Space – Meet the Cumbrian scientist playing a part in Nasa’s search for alien life
Few missions in science are more fascinating than the quest to find alien life.
So a claim by researchers that the clouds enveloping Venus may contain microbial life – potentially indicated by the presence of a gas called phosphine – understandably caused intense international interest.
It took a scientist led by a former north Cumbrian man to show that this claim couldn’t – quite literally – hold water.
Dr John Hallsworth has fond memories of spending his early adolescence in Gaitsgill, near Dalston.
A former pupil of Caldew School, with a lifelong fascination for plant science, he has become a leading authority on the physical limits of life – a subject at the heart of so-called ‘astrobiology’.
Over 14 gruelling days, John, a 53-year-old father of two, led a team of academics as they set about proving why microbial life could not thrive in the clouds of Venus.
Those clouds are composed mainly of sulphuric acid – deadly for the cellular structures that support life.
“We looked at the [clouds’] concentration of water molecules, scientifically called water activity,” John explains.
“Not only did we find the effective concentration of water molecules are slightly below what is needed for the most resilient micro-organism on Earth; we found that it’s more than 100 times too low.
“It is almost at the bottom of the scale and an unbridgeable distance from what life requires to be active.”
Now based at Queens University in Belfast, John’s path to academic success has been littered with discoveries.
As a child, he spent hours ‘communing with nature,’ studying the plants and insects he found near the housing estate north of Manchester where he spent his early years.
“There was an area of rough ground with muddy puddles, ravines, wild orchids, bees; and a stream with sticklebacks,” he says.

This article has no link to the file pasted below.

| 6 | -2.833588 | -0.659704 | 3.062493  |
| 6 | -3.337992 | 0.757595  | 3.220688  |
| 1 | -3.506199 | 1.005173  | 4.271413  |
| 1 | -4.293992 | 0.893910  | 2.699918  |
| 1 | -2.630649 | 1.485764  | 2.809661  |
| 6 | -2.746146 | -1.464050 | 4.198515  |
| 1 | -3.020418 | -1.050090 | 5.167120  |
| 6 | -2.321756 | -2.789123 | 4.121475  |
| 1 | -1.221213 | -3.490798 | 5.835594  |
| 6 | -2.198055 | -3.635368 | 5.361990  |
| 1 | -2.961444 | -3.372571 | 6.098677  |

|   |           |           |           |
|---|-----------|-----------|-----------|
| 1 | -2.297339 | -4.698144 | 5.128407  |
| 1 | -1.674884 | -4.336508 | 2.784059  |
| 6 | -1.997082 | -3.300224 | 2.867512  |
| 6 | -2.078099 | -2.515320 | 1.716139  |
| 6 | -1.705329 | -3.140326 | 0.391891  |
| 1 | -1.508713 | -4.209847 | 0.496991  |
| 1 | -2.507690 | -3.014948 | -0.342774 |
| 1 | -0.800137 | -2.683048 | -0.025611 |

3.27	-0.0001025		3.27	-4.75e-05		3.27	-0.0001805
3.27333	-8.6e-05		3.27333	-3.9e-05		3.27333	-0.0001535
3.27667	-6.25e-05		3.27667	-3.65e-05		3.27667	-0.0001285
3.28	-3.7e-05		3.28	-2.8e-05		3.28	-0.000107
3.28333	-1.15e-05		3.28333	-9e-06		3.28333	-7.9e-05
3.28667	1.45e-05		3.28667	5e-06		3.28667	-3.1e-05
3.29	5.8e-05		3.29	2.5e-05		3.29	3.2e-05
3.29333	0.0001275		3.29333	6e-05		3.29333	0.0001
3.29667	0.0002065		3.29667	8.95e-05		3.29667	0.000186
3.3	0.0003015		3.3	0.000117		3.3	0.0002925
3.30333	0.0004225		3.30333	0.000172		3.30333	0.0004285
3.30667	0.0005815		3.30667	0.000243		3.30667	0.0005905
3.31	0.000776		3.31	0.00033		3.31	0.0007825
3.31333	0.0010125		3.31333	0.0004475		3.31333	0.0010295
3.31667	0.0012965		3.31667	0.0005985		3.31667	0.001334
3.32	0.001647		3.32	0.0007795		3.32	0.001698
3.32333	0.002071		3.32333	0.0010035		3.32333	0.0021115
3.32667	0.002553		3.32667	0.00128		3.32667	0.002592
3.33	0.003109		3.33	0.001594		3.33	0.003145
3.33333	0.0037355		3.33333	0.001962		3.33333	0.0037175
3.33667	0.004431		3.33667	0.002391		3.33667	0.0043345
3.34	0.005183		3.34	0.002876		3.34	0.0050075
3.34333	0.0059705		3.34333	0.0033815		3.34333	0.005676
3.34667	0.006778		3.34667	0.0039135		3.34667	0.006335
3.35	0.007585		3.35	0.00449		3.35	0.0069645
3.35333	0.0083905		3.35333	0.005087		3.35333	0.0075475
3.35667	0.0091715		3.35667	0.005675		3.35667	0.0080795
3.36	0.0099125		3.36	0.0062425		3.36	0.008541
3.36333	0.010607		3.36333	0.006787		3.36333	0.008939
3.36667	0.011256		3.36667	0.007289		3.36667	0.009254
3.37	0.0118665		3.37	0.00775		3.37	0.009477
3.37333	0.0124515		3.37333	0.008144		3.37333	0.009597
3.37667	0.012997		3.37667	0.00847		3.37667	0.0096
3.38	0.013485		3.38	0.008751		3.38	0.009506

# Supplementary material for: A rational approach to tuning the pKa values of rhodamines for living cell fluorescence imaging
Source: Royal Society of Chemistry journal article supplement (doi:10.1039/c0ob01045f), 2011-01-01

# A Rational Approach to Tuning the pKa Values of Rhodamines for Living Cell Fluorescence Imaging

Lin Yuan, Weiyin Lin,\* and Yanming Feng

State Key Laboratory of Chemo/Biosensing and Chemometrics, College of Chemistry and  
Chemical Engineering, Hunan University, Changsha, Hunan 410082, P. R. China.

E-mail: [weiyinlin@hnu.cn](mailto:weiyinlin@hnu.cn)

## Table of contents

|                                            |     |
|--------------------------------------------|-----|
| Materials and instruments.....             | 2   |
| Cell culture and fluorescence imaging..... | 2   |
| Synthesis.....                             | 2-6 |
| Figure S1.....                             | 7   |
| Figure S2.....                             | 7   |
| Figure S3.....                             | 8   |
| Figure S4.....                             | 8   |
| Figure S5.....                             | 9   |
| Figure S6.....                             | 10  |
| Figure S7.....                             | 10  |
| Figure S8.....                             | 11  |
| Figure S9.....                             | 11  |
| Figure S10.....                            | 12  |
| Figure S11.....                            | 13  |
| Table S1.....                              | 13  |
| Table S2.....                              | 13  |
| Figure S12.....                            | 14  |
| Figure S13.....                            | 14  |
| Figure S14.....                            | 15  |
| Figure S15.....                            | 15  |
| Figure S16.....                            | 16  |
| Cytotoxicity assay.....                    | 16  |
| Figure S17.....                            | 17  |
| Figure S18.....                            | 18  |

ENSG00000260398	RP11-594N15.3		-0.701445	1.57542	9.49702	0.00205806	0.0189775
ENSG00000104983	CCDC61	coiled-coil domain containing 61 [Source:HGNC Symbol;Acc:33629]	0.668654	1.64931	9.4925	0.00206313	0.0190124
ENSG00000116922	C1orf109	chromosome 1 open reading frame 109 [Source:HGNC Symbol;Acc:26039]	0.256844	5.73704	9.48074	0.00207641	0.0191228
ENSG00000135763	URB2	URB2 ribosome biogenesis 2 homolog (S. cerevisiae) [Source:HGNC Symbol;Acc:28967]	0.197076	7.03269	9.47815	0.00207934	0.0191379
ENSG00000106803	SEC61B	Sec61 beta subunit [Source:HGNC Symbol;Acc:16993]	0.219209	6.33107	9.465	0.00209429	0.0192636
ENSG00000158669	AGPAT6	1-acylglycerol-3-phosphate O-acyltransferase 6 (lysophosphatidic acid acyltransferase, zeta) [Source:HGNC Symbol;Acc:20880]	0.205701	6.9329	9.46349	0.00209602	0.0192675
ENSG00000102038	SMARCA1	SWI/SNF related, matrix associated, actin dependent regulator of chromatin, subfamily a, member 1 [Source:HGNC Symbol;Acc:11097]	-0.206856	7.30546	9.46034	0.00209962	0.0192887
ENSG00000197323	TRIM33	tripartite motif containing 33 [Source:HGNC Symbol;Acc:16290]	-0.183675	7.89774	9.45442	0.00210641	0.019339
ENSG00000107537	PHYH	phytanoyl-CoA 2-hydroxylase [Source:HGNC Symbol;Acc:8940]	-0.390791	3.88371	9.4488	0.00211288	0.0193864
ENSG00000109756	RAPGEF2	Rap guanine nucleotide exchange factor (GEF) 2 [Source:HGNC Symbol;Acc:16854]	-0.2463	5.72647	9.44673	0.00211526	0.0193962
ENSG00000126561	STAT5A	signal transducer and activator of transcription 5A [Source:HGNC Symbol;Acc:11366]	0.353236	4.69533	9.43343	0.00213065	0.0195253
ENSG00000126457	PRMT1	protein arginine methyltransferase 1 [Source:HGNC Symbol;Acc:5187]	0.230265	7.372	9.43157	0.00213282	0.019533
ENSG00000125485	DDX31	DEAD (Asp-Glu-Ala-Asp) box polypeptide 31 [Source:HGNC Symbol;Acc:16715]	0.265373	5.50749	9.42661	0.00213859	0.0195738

“In 1984, when I was 16, we moved to Gaitsgill and I spent a lot of time walking and cycling around, absorbing the wildlife and natural world.”
He did his A-levels at Caldew School, studying biology, chemistry and maths.
In his spare time, John became fascinated by exotic plants, including sub-tropical trees.
He imagined a future in horticulture. Yet his academic life – initially a plant biotechnology degree at Wye College and research with a biotech firm – gave him an enduring fascination for microbiology.
He experimented with fungicides and yeast cells, investigating the factors which inhibit or or destroy their capacity to live.
“As much as I’m enchanted by the beauty of natural world, once you get into the cell at that kind of level, there’s the same kind of beauty,” he says. “I fell in love with the idea of studying micro-organisms.
“I’d realised the beauty within microbial cell.” He completed a PhD at Cranfield University, held various post-doctoral posts and eventually became a lecturer in the School of Biological Sciences at Queen’s University in Belfast.
Earlier in his career, John had penned an influential paper that explained how ethanol – pure alcohol – unravels and disorders the structure of cells.
Later came a perhaps an even more important discovery: how some microbial cells can function in even more arid conditions than was previously thought possible.